discussions, and a recent European Council document has
acknowledged the increased legal relevance that the various
Codex Alimentarius standards, guidelines and recommendations
have acquired "by virtue of the reference made to the Codex
Alimentarius in the WTO Agreements and the presumption of
conformity which is conferred on relevant national measures when
they are based on such standards, guidelines or recommendations
adopted by the Codex Alimentarius Commission." (27). Similarly,
this document also acknowledges that one of the objects of the
Codex Alimentarius Commission is to harmonise worldwide health
standards. (28).

It now appears increasingly likely that EU health policy will
gradually become the blueprint for global health policy. The
growing similarities between the text of the EU Food Supplements
Directive (29) and the Codex Draft Guidelines for Vitamin and
Mineral Supplements (30), for example, are no coincidence. Basil
Mathioudakis, who was responsible for drafting the text of
the EU Food Supplements Directive, is the head of the European
Commission delegation at Codex, and will now be representing 25
EU countries at the next Codex meeting in Bonn in November 2004
(due to the 10 new countries who will be joining the EU on 1st May
2004). Moreover, the EU will shortly have full membership status
at Codex. (31). The net result of this is that Mr. Mathioudakis,
on behalf of the EU Commission, will now be entitled to wield a
number of votes at Codex equal to the number of its Member States
that are present at the time the vote is taken. (32). Furthermore,
whenever Mr. Mathioudakis exercises his right to vote, the Member
States will not be entitled to exercise theirs. (33). As such,
the EU Member States are now virtually powerless to oppose the
EU Commission at Codex; especially so given the fact that the
majority of the guidelines being drawn up are either already law,
or about to become law, in their own countries.

The likely acceleration of the Codex adoption process

Although formal votes are rarely taken at Codex, both the FAO
and the EU are now in favour of a majority of two-thirds being
sufficient in future for a Codex text to be adopted. (34).
Democratically of course, since the EU, with its soon-to-be
population of 450 million people (35), is allowed 25 votes at
Codex, then the United States, with its population of over 280
million people (36), should proportionately be given at least
15 votes. Under the present system however, the United States
is only allowed one vote, which means that the EU is now in an
extremely powerful position. In fact, at the next Codex meeting
it is very likely that the EU will be able to wield a block vote
consisting of almost one half of all of the countries who are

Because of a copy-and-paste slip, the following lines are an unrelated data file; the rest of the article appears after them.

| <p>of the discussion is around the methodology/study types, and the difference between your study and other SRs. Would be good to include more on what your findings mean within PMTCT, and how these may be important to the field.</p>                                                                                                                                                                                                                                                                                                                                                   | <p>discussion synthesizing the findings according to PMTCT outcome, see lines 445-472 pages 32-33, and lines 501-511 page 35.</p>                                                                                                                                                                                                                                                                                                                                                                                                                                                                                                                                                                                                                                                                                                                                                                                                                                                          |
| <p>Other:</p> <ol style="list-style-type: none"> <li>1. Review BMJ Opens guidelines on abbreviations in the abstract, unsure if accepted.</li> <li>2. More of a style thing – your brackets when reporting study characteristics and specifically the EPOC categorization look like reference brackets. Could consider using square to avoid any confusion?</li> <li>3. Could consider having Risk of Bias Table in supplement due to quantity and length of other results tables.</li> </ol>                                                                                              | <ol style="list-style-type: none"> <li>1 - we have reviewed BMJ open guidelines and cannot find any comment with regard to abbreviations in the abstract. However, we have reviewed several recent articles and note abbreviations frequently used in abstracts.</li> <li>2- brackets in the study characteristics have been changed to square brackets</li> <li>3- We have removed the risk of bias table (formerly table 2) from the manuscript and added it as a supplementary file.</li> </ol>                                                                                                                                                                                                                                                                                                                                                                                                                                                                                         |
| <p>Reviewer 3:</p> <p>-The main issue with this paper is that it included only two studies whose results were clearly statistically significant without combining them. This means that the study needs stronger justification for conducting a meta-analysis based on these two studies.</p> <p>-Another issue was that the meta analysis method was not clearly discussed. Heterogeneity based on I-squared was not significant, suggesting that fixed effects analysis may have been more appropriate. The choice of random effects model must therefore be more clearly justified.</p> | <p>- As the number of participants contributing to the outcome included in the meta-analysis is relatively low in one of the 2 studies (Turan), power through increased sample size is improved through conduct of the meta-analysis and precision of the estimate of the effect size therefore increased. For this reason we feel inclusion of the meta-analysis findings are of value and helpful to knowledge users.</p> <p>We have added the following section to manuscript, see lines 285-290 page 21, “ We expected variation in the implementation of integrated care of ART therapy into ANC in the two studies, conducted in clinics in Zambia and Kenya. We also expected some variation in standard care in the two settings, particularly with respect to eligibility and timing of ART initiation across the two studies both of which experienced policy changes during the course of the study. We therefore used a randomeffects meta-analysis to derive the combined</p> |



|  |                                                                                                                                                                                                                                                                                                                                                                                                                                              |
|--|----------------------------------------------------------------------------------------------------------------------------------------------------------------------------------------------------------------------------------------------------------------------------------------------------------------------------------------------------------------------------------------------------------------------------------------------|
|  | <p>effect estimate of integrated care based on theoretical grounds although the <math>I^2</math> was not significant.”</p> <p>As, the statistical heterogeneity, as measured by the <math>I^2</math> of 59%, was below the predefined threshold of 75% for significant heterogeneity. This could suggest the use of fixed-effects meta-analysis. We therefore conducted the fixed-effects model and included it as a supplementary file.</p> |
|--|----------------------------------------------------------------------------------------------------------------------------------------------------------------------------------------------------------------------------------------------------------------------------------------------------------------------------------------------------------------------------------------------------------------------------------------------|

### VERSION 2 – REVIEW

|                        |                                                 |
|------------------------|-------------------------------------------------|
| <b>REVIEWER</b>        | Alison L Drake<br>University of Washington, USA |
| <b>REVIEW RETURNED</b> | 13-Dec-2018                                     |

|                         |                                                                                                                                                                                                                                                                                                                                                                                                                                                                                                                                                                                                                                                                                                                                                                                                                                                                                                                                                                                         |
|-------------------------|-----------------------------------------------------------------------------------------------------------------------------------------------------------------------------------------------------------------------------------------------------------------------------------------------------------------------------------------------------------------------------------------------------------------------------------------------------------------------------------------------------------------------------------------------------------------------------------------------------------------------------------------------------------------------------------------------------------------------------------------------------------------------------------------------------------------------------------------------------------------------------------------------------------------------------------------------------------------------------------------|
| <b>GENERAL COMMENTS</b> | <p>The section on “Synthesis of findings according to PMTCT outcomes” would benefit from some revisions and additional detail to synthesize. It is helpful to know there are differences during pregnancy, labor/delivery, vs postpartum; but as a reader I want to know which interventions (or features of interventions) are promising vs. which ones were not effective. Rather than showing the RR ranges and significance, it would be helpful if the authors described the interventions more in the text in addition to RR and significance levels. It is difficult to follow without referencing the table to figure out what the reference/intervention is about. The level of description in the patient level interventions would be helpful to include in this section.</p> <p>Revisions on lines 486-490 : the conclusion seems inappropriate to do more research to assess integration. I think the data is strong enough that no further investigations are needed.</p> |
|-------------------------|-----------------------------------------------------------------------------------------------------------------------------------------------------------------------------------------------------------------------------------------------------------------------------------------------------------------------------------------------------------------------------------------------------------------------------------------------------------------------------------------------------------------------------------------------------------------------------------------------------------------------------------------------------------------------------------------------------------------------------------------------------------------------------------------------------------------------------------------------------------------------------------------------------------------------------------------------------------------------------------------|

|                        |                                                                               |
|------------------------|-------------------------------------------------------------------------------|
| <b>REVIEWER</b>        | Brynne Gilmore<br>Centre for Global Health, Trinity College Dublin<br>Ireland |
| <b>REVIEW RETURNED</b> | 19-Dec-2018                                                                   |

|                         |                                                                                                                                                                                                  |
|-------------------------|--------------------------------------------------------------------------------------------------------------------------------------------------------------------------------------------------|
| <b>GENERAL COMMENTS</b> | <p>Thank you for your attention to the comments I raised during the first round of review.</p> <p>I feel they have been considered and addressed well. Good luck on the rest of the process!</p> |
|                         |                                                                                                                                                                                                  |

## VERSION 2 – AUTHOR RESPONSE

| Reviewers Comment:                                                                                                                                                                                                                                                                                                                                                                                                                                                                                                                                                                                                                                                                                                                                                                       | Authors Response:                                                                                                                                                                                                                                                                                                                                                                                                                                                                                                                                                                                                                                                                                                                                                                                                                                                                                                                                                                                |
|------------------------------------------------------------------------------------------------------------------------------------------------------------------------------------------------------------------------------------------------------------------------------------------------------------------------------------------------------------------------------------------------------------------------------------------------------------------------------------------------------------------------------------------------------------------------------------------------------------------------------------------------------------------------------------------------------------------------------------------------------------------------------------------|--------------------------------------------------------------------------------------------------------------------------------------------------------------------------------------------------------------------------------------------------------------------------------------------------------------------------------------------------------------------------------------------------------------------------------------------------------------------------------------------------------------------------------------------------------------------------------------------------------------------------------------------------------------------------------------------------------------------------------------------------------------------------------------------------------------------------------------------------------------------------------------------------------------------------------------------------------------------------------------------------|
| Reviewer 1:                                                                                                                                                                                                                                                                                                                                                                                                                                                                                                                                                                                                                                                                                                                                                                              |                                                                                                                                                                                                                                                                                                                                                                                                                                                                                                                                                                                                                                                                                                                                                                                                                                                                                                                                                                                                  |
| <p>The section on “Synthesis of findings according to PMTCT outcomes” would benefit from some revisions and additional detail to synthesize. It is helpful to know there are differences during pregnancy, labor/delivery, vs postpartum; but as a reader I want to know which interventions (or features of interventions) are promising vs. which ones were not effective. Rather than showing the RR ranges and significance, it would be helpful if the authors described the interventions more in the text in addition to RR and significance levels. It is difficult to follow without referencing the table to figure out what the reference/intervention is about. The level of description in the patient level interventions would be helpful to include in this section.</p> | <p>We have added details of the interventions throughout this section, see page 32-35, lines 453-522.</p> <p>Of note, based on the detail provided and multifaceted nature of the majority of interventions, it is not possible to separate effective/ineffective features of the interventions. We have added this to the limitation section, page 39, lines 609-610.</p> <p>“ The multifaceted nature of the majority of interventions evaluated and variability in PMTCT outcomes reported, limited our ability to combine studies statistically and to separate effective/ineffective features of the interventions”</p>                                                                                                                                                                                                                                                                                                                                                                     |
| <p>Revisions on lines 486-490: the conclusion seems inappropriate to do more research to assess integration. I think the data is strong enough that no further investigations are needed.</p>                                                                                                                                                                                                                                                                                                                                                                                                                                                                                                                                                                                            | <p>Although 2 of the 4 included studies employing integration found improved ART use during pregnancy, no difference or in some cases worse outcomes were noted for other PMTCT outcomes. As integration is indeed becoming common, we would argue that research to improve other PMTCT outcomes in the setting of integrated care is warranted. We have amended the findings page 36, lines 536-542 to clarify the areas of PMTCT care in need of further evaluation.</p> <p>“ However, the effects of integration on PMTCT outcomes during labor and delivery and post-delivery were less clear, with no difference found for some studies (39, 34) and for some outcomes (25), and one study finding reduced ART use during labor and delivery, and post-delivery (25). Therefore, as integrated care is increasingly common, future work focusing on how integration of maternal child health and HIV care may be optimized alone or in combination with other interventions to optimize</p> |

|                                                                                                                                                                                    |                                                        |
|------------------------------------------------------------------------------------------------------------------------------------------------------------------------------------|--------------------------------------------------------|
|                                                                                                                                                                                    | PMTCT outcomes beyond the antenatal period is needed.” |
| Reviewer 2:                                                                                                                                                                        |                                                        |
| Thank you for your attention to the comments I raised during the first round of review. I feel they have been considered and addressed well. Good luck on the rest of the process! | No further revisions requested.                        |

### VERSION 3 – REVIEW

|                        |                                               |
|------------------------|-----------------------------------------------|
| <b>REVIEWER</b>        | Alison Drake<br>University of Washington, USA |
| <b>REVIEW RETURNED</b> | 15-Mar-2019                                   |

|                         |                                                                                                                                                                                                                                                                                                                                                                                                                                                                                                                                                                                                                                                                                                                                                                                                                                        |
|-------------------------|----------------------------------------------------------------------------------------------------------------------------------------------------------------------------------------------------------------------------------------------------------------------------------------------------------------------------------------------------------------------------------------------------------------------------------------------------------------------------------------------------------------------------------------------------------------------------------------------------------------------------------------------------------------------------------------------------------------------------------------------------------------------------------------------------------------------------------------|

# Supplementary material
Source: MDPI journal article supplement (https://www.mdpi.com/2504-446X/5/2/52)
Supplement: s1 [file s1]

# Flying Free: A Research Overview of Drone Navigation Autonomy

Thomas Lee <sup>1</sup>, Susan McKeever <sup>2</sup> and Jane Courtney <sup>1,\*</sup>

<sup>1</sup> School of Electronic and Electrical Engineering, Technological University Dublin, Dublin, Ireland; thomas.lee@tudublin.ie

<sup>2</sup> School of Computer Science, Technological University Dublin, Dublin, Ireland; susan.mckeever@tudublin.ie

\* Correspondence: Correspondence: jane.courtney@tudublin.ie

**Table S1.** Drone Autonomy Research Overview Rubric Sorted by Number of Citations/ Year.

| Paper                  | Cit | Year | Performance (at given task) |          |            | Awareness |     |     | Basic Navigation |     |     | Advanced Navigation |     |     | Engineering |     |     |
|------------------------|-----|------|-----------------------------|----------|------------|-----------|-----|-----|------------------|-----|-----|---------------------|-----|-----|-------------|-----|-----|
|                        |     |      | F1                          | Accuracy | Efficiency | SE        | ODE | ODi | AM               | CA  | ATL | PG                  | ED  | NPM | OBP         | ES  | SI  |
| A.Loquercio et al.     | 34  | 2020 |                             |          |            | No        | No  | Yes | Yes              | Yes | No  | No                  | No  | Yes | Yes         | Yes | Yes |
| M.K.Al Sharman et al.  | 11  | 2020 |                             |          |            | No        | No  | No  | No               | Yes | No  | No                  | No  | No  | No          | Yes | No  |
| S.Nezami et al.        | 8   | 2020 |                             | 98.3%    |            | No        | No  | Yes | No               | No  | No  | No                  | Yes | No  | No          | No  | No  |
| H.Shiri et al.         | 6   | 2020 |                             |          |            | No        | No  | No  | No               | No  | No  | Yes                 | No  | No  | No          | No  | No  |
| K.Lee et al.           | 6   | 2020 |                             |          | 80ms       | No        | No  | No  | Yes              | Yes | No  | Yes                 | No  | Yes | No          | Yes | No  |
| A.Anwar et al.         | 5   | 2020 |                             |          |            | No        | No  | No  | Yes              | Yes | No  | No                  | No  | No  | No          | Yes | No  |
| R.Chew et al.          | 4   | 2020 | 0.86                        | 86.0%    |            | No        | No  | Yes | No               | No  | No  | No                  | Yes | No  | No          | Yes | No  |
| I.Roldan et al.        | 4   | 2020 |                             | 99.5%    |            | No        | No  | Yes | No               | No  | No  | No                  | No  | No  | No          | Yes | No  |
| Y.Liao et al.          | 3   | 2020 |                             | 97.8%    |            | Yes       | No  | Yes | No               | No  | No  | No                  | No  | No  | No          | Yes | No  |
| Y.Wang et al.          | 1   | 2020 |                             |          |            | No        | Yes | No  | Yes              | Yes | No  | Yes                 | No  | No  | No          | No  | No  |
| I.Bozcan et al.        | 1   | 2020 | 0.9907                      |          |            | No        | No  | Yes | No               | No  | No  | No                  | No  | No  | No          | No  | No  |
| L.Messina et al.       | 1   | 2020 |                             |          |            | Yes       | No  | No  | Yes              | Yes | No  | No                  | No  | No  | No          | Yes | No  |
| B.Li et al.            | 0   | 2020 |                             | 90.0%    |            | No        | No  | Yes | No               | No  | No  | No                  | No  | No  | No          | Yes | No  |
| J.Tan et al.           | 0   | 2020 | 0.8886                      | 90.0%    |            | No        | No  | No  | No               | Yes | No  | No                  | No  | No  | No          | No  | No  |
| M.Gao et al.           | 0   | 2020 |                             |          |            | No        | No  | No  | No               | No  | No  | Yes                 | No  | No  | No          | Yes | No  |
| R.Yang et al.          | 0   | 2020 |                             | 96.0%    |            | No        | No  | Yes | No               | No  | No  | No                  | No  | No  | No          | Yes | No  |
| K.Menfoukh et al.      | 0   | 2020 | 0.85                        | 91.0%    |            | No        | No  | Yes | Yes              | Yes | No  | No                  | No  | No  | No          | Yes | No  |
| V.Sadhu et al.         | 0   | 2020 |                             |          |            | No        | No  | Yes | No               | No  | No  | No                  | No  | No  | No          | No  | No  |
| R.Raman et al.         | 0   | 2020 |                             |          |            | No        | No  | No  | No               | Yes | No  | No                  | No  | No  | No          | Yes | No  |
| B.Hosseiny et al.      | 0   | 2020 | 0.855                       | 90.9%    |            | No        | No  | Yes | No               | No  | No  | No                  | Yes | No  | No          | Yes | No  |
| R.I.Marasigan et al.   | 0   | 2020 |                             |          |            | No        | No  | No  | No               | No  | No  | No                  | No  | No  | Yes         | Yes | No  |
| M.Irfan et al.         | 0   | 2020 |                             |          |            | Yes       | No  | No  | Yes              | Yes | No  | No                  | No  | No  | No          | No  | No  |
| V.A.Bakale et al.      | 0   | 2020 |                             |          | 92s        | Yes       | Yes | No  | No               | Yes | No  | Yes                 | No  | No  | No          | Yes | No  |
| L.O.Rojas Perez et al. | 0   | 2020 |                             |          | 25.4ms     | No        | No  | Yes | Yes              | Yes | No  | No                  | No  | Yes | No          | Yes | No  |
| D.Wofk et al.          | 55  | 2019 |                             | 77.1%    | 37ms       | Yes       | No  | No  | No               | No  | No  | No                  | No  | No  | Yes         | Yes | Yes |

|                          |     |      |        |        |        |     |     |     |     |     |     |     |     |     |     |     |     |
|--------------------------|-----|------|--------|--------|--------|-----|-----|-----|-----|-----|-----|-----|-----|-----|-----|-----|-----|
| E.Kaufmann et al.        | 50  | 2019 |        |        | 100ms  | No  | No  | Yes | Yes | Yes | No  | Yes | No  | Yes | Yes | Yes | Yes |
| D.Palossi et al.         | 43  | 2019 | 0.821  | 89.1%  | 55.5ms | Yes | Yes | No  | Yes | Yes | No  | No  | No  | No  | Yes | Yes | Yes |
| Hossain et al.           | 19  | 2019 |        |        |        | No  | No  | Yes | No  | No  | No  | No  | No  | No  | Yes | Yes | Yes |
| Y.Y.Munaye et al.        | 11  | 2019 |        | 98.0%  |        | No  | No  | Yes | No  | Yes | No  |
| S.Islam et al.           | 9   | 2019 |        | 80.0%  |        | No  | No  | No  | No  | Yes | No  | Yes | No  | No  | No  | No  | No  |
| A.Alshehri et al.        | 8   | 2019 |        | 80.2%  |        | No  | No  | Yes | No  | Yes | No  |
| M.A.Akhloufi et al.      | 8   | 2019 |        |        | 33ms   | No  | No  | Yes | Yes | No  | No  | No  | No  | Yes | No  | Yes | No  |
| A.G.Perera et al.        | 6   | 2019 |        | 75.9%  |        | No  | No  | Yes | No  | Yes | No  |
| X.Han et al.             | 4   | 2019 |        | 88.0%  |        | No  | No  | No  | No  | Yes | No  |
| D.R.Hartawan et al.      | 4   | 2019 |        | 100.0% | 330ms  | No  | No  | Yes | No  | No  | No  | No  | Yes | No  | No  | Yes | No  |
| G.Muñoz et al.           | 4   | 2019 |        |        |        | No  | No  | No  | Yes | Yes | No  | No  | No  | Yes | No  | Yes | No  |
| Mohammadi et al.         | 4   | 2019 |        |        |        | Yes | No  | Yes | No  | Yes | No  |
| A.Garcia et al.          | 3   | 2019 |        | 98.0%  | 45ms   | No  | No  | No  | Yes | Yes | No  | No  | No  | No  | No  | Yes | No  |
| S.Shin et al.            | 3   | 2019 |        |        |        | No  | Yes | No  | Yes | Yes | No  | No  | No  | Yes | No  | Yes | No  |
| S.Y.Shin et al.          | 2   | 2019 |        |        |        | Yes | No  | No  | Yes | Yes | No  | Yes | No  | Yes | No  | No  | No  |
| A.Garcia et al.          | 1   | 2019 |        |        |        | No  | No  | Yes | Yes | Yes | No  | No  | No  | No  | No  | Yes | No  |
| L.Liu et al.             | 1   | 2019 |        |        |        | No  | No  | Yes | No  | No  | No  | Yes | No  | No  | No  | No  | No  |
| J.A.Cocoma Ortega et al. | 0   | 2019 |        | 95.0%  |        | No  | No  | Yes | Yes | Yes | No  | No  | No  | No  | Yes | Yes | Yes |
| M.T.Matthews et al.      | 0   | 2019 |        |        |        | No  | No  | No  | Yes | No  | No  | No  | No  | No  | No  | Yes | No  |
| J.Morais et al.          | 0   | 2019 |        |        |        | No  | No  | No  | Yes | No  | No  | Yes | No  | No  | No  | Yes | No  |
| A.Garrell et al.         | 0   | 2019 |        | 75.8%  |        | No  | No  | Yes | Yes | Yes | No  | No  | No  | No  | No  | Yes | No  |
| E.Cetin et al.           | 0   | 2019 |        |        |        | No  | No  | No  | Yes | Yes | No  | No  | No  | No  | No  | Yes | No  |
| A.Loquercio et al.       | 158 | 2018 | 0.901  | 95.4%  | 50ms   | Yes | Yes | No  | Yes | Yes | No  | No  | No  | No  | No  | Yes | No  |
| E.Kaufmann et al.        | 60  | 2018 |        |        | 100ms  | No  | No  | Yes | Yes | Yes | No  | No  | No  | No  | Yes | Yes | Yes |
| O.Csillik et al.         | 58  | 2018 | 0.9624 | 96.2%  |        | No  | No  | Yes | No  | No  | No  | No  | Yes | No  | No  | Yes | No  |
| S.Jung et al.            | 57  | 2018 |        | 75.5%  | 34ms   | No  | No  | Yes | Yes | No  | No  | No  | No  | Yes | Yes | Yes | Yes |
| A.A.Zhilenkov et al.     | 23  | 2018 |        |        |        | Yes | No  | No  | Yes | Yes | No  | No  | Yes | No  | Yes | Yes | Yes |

likely to attend. As such, only another 12 more votes would be
needed over and above the EU's 25 votes to reach a two-thirds
majority. (37). Because only one country, South Africa, is
actively opposing these restrictive proposals for the world-wide
availability of vitamins and mineral supplements, the global
future for natural healthcare now lies at a critical juncture.

Furthermore, both the FAO and the EU have recently stated their
desire to accelerate the work of Codex (38), and have agreed
that the present 8-step procedure should be `simplified' to
a 5-step procedure. (39). Nevertheless, it should be borne in
mind that in order to achieve an adoption in 5 steps it may not
even be necessary to modify the existing procedures, as these
already provide for an accelerated adoption. (40), (41). The
Codex Alimentarius Commission can authorise, for example, on
the basis of a two-thirds majority of votes cast, the omission
of Steps 6 and 7, whenever such an action is recommended by the
relevant Codex Committee (42).

The Codex threat to the Food Supplements Directive legal challenges

The Food Supplements Directive (29) was passed by the EU
Parliament on 13th March 2002, and entered into law in the
EU Member States on 1st August 2003. Its text and intent are
remarkably similar to that of the Codex Draft Guidelines for
Vitamin and Mineral Supplements (30), as its effect, when it
becomes fully implemented on 1st August 2005, will be to remove
large numbers of the most effective forms of nutrients from
the EU market; set restrictive upper limits on the dosages of
all nutrients permitted in the EU; and prevent the sale of all
supplements for curative, preventative or therapeutic purposes
within the EU without a doctor's prescription.

Two legal challenges to the validity of this Directive have now
been launched by groups from the UK; one by the Alliance for
Natural Health (43) in conjunction with Nutri Link Ltd. (44),
and the other by the Health Food Manufacturers Association (45)